Interest rates affect the decisions you make with money. Some of these are obvious – think about how much more money you would stick in your savings account if it paid 15% interest instead of 0.5%. How much less money would you put into stocks or your 401(k) if you could get 15% in a simple bank account? On the flip side, you might take out a new credit card at 3%, but you probably wouldn't borrow at 30% unless you absolutely needed to.

There are less obvious impacts, too. For entrepreneurs and bankers, interest rates affect calculations about future profitability. For instance, it's easy to enter the capital markets and finance a new project when interest rates are at historic lows, but the same project might not be a money maker long term if expected interest payments double. This, in turn, affects which products and services are offered in the economy, which jobs become available and how investments are structured.

Interest Rates and Coordination

Interest serves several crucial functions in a market economy. The most obvious is the coordination between savers and borrowers; savers are paid interest for putting off their consumption until a future date, while borrowers must pay interest to consume more in the present. When there are relatively more savings, the supply of loanable funds increases and its price – the interest rate – should drop. When more people want to borrow than current savings can satisfy, the price of new money is driven up and interest rates should rise.

Since interest rates affect how much new bank loan money is circulating in the economy, they have a direct impact on the deposit multiplier and, by extension, inflation. This is why the classic Fed remedy for high inflation is to raise interest rates.

There is no uniform or single natural rate of interest; the interest costs depend on the physical supply and demand characteristics for each market. There are several foundational interest rates in the economy, especially when they are influenced by a central bank, such as the Federal Reserve. Changes in these interest rates, such as the federal funds rate or the discount rate, can affect the entire shape of the economy.

Interest Rates and the Economy's Geometry

Interest rates go a long way in determining the geometry of the economy, meaning the actual distribution of labor and resources. It matters which industries grow and which industries shrink, and where people are deploying financial and physical capital. Interest rates guide much of that movement.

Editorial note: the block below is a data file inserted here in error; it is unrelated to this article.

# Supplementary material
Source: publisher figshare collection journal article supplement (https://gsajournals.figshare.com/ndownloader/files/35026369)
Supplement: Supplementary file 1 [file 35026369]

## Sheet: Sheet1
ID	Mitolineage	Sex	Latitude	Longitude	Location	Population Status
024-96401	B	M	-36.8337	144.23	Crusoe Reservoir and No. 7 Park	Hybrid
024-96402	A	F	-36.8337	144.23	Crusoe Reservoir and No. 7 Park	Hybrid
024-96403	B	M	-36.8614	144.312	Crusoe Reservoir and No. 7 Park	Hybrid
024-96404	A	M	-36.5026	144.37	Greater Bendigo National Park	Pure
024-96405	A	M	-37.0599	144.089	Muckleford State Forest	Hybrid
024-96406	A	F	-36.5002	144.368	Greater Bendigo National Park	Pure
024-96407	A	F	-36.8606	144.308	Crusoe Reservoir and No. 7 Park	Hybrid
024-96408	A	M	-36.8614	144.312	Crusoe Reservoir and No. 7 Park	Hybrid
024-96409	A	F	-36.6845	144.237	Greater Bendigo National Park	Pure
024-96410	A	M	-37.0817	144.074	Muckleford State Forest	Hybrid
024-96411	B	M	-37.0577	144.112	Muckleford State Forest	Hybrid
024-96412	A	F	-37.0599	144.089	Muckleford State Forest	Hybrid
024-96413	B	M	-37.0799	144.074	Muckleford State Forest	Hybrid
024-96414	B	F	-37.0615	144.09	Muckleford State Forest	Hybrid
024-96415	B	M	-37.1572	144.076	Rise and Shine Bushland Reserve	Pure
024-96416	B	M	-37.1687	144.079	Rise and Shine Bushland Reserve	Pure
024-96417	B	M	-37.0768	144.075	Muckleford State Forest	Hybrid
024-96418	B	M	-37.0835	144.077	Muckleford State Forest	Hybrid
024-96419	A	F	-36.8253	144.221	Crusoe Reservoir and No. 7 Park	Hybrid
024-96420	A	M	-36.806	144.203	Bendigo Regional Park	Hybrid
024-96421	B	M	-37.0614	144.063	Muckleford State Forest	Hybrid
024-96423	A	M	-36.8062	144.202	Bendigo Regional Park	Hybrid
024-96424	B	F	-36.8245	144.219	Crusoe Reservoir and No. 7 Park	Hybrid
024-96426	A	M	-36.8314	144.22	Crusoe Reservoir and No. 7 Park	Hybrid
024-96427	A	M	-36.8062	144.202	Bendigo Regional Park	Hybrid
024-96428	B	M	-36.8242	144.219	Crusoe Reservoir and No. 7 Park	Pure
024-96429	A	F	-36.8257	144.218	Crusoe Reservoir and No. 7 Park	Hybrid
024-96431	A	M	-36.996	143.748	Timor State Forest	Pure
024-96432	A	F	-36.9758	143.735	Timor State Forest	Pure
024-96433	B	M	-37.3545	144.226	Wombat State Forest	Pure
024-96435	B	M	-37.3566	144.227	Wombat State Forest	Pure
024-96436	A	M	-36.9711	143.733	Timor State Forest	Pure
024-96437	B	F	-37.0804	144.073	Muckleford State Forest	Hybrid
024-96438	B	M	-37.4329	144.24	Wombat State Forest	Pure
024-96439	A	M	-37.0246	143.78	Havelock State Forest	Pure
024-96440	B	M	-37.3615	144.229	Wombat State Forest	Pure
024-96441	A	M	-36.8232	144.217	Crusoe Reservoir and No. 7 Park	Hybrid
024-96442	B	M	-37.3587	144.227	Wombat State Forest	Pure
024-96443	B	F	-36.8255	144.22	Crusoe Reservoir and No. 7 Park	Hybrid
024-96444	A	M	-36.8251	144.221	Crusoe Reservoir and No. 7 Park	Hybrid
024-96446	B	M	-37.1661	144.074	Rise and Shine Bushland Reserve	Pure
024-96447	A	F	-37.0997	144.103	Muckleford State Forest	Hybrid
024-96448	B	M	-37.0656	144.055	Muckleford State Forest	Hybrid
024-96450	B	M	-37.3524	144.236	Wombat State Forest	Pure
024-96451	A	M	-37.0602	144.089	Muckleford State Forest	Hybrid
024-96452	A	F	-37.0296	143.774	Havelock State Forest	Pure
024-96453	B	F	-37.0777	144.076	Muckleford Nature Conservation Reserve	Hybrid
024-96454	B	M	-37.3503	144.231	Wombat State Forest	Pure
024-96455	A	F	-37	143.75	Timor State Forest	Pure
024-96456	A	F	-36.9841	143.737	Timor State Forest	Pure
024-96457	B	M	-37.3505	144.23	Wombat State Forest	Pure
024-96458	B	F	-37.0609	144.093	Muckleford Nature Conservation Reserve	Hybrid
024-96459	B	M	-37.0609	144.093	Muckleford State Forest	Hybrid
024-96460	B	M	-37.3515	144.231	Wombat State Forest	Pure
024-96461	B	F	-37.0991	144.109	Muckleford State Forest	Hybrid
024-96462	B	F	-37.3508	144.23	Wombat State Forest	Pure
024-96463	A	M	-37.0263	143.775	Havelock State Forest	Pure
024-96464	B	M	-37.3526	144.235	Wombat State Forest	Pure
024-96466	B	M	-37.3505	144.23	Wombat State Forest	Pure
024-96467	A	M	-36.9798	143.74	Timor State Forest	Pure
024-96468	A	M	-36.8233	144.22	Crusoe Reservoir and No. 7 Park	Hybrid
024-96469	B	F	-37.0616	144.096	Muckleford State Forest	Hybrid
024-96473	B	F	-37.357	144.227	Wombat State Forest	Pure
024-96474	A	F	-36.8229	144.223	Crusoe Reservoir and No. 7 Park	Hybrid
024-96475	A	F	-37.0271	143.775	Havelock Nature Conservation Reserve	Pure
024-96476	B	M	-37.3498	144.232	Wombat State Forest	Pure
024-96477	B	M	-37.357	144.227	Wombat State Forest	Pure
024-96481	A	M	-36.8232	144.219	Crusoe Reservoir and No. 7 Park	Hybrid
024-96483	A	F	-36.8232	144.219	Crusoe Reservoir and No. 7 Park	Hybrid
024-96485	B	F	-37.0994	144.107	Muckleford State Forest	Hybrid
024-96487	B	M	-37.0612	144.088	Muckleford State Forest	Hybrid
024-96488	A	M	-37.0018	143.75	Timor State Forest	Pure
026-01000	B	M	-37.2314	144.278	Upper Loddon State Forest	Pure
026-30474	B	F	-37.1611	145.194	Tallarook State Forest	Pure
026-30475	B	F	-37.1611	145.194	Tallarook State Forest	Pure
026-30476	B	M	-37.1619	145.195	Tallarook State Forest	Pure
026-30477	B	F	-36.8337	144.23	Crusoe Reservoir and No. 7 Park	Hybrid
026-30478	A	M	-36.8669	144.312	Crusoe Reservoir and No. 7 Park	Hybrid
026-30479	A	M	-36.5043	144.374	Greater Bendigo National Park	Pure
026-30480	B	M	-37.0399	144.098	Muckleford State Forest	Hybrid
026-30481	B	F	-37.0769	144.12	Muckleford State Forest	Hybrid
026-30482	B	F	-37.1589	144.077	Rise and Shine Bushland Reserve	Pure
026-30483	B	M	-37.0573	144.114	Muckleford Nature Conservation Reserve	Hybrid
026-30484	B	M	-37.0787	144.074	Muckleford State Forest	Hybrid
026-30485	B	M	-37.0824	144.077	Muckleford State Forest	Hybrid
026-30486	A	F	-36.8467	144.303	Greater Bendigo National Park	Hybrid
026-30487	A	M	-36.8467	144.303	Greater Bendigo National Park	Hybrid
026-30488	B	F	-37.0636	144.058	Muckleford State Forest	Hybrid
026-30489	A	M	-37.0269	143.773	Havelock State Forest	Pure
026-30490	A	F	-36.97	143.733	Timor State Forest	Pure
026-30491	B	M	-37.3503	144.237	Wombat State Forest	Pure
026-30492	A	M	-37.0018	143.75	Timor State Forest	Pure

People often talk about the economy in terms of large aggregates. Read over a report by the U.S. Bureau of Labor Statistics (BLS) or the National Bureau of Economic Research (NBER) or turn on the talking heads on CNBC, and you'll hear terms such as "total consumer spending" or "net manufacturing output." It's simpler to paint broad topics with a macroeconomics brush; even most professional economists default to this kind of analysis.

The problem with focusing on the broad and the macro is that you're likely to miss important distinctions. Big numbers never tell the whole story. For example, according to the Bureau of Economic Analysis (BEA), the total GDP growth of the United States in 2014 was 3.66%, far below the 6.31% posted in 2004. This doesn't necessarily mean that the economy was twice as strong in 2004, however.

Interest Rates and the Housing Bubble

The economy in 2004 wasn't very healthy at all; it was buoyed by an out-of-control housing market. The U.S. saw record home sales and property values for six consecutive years starting in 2001 when the Federal Reserve lowered its targeted federal funds' rate from 5.5% to 1.75%. Without that dramatic slash in interest rates, it's highly unlikely that the housing market would have exploded in the same way.

Low-interest rates made borrowing for mortgages too easy. It also made long-term, capital-intensive projects, such as home construction, too easy to undertake. Homebuilders and homebuyers became intoxicated on cheap money, leading to disastrous distortions in economic activity that the macro numbers, such as GDP, couldn't pick up until the Great Recession was in full swing.

Consider the economic incentives created by low-interest rates, such as borrowing more, starting long-term projects, saving less and investing in riskier assets to beat inflation. Too many people were employed in home construction or finance in 2004 because the economic demand for their services was predicated on false signals. In other words, the shape of the economy was all wrong. Many of these people lost their jobs between 2007 and 2009 when reality sank in and the entire world felt the impact of a misguided interest rate policy.

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